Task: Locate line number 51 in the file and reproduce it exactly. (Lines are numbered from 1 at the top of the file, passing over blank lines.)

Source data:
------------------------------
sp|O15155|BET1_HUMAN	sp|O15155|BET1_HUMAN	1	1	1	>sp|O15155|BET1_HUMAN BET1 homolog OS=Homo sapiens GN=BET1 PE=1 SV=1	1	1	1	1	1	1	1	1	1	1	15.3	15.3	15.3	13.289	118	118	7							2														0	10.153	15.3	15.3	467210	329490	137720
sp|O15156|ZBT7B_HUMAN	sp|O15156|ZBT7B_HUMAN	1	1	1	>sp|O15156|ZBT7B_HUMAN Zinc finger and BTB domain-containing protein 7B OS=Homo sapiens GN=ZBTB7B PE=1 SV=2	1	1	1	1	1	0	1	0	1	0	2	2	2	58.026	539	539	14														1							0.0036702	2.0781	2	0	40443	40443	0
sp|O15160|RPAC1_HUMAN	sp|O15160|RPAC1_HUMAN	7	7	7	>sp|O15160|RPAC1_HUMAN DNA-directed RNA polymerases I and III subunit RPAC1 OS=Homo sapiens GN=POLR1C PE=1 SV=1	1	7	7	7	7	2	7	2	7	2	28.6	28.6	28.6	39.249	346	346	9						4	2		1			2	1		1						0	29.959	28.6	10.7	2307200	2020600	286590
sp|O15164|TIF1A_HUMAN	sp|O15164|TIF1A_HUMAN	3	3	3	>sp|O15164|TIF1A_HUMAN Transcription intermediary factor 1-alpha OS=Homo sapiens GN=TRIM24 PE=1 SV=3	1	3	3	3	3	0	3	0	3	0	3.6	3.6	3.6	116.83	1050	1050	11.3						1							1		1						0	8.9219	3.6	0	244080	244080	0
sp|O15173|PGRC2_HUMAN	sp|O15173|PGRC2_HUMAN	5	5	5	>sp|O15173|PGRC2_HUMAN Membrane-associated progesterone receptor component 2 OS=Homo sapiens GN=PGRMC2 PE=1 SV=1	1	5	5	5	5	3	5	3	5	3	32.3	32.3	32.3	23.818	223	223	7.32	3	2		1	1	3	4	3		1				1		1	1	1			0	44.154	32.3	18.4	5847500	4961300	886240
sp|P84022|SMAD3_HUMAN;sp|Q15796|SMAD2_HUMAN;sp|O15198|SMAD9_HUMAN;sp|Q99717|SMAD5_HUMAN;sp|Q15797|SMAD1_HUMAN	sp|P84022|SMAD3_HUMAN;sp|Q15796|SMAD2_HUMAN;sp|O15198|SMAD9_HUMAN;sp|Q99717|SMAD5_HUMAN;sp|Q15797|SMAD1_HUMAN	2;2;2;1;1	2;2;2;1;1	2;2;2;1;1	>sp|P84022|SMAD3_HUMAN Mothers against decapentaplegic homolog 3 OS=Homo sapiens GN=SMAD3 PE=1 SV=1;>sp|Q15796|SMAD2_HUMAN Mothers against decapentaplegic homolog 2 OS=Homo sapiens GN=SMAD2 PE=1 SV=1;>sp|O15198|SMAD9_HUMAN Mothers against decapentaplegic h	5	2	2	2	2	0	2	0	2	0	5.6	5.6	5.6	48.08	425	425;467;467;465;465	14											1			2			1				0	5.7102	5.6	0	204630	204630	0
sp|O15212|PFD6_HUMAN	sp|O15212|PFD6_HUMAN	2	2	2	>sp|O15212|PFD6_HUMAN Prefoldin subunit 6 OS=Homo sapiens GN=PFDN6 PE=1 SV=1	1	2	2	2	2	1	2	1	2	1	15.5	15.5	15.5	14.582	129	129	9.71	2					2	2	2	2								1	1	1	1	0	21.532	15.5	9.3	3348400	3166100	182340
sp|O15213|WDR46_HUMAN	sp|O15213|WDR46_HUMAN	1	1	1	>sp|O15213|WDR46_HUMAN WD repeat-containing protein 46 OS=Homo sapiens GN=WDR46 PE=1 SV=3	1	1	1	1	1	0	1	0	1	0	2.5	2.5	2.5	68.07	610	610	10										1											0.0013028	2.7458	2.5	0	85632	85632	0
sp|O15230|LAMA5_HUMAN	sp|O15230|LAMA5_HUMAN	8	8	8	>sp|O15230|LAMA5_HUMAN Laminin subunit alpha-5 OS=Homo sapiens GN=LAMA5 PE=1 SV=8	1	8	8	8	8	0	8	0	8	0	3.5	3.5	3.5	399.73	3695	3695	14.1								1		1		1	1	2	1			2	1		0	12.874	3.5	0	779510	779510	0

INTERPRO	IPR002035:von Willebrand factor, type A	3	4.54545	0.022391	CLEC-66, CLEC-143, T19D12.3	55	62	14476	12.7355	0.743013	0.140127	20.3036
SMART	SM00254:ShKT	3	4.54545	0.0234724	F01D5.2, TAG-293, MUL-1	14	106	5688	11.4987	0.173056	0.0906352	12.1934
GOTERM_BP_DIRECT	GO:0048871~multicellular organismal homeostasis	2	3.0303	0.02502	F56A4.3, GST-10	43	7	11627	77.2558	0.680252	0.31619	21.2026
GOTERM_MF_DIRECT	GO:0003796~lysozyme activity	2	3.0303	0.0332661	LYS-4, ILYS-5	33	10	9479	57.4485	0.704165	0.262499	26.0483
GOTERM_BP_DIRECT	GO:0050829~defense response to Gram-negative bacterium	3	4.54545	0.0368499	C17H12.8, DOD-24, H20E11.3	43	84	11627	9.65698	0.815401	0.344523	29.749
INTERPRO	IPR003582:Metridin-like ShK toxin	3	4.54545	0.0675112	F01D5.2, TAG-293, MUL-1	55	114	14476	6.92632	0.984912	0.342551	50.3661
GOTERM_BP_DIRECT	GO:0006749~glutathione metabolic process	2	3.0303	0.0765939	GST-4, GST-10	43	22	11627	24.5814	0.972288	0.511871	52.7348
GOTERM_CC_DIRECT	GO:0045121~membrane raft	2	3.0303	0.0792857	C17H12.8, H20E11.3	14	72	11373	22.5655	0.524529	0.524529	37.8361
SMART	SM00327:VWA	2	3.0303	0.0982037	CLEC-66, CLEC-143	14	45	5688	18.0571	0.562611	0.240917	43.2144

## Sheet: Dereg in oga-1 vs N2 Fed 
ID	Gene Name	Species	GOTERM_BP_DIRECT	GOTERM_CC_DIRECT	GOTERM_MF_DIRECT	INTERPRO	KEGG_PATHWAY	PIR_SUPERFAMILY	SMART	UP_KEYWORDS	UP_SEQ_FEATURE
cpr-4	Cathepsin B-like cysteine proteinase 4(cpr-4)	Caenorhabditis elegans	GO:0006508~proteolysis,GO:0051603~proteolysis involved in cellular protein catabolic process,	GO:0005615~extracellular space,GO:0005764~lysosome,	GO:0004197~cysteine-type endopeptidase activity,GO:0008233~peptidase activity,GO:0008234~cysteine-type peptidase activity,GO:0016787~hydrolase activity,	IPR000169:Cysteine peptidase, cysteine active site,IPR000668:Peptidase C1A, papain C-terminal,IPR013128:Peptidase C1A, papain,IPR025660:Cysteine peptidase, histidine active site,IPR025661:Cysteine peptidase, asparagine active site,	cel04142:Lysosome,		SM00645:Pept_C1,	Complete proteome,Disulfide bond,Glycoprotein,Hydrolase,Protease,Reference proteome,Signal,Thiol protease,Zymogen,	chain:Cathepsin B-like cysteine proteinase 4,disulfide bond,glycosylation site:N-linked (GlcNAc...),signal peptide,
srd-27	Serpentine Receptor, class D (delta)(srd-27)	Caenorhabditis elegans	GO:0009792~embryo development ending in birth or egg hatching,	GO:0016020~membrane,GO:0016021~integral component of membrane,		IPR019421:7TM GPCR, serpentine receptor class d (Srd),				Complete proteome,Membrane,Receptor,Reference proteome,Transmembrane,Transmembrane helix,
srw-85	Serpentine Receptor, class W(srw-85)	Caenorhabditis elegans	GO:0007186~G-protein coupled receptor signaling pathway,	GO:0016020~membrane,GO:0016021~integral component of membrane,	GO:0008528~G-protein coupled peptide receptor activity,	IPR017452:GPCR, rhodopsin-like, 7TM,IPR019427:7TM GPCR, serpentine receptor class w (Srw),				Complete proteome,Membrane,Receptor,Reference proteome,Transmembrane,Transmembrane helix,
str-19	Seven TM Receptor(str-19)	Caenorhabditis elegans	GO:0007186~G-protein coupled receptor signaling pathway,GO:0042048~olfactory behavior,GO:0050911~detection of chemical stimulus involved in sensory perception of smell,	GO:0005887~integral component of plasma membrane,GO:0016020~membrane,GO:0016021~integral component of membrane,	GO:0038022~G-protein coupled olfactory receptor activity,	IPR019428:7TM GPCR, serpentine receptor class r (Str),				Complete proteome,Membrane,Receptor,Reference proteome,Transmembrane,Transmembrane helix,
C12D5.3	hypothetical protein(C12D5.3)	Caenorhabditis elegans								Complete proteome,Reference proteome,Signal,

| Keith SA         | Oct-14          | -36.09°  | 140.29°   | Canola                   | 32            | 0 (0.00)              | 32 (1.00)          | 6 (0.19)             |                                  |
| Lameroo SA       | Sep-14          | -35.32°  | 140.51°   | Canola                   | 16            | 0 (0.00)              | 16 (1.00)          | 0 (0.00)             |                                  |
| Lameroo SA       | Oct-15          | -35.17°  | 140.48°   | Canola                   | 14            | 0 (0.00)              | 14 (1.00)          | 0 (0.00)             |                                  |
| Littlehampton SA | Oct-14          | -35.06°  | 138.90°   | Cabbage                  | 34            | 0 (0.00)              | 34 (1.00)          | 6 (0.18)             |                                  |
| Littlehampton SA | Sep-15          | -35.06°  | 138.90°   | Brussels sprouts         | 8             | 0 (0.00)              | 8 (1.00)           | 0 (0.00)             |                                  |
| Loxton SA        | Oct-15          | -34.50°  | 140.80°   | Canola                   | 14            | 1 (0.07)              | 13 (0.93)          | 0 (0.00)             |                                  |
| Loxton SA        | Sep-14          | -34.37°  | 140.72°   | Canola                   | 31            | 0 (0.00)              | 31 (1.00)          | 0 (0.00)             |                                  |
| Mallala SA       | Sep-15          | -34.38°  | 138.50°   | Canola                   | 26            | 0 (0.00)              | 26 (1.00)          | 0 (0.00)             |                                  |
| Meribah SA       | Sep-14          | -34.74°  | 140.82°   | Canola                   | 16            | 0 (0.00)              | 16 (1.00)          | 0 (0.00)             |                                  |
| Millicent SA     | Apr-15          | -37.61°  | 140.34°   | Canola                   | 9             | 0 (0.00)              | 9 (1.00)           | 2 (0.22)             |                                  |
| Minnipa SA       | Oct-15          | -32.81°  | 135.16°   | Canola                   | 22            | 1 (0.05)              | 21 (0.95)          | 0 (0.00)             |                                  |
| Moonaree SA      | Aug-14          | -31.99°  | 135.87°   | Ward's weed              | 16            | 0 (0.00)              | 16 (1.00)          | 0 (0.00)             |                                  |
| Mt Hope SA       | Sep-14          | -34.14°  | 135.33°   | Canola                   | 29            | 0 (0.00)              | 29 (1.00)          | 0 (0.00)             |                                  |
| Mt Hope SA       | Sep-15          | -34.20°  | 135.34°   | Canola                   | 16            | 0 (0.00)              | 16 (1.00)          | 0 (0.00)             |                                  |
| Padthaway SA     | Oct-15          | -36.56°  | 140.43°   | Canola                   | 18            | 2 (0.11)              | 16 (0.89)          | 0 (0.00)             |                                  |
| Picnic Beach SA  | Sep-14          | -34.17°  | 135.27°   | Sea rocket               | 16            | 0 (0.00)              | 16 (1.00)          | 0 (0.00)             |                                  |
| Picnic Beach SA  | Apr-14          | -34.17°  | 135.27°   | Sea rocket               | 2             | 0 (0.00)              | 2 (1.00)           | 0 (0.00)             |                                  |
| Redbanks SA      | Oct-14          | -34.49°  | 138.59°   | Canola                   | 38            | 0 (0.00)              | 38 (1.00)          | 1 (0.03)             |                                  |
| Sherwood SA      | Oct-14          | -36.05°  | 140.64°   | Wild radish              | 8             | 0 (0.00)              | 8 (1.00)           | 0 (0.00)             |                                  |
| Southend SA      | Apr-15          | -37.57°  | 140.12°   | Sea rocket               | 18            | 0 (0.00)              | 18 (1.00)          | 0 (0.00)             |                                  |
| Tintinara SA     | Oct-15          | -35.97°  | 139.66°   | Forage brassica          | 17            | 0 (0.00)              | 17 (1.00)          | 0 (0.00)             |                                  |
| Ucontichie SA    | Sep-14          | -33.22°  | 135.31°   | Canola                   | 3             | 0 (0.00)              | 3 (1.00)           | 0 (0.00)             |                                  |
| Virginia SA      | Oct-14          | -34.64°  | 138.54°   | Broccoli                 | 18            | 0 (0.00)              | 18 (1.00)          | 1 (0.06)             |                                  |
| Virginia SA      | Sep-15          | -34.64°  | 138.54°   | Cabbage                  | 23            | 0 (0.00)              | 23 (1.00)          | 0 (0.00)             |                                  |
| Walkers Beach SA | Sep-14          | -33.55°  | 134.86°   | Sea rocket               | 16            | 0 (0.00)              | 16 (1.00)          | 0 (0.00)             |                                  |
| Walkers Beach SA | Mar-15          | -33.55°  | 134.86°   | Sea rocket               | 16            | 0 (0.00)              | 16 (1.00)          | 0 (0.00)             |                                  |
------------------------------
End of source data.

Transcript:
| Walkers Beach SA | Mar-15          | -33.55°  | 134.86°   | Sea rocket               | 16            | 0 (0.00)              | 16 (1.00)          | 0 (0.00)             |                                  |